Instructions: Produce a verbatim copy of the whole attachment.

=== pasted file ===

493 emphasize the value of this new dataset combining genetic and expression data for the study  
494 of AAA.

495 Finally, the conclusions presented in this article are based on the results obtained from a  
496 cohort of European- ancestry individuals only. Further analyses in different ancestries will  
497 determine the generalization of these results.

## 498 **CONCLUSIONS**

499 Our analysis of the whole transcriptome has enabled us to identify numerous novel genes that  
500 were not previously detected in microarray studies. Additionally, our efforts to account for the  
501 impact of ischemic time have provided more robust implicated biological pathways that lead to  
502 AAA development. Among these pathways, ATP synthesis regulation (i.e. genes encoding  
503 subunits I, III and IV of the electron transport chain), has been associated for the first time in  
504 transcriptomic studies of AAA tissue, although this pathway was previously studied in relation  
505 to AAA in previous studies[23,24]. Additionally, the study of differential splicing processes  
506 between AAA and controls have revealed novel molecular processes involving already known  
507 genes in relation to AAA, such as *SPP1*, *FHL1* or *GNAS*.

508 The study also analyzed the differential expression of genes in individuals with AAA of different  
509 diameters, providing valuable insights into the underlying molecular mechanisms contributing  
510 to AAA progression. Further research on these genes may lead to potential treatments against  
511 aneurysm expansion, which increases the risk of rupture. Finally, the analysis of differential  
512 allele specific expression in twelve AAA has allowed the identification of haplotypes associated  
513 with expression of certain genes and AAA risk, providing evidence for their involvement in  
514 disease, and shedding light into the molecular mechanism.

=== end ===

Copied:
493 emphasize the value of this new dataset combining genetic and expression data for the study  
494 of AAA.

495 Finally, the conclusions presented in this article are based on the results obtained from a  
496 cohort of European- ancestry individuals only. Further analyses in different ancestries will  
497 determine the generalization of these results.

## 498 **CONCLUSIONS**

499 Our analysis of the whole transcriptome has enabled us to identify numerous novel genes that  
500 were not previously detected in microarray studies. Additionally, our efforts to account for the  
501 impact of ischemic time have provided more robust implicated biological pathways that lead to  
502 AAA development. Among these pathways, ATP synthesis regulation (i.e. genes encoding  
503 subunits I, III and IV of the electron transport chain), has been associated for the first time in  
504 transcriptomic studies of AAA tissue, although this pathway was previously studied in relation  
505 to AAA in previous studies[23,24]. Additionally, the study of differential splicing processes  
506 between AAA and controls have revealed novel molecular processes involving already known  
507 genes in relation to AAA, such as *SPP1*, *FHL1* or *GNAS*.

508 The study also analyzed the differential expression of genes in individuals with AAA of different  
509 diameters, providing valuable insights into the underlying molecular mechanisms contributing  
510 to AAA progression. Further research on these genes may lead to potential treatments against  
511 aneurysm expansion, which increases the risk of rupture. Finally, the analysis of differential  
512 allele specific expression in twelve AAA has allowed the identification of haplotypes associated  
513 with expression of certain genes and AAA risk, providing evidence for their involvement in  
514 disease, and shedding light into the molecular mechanism.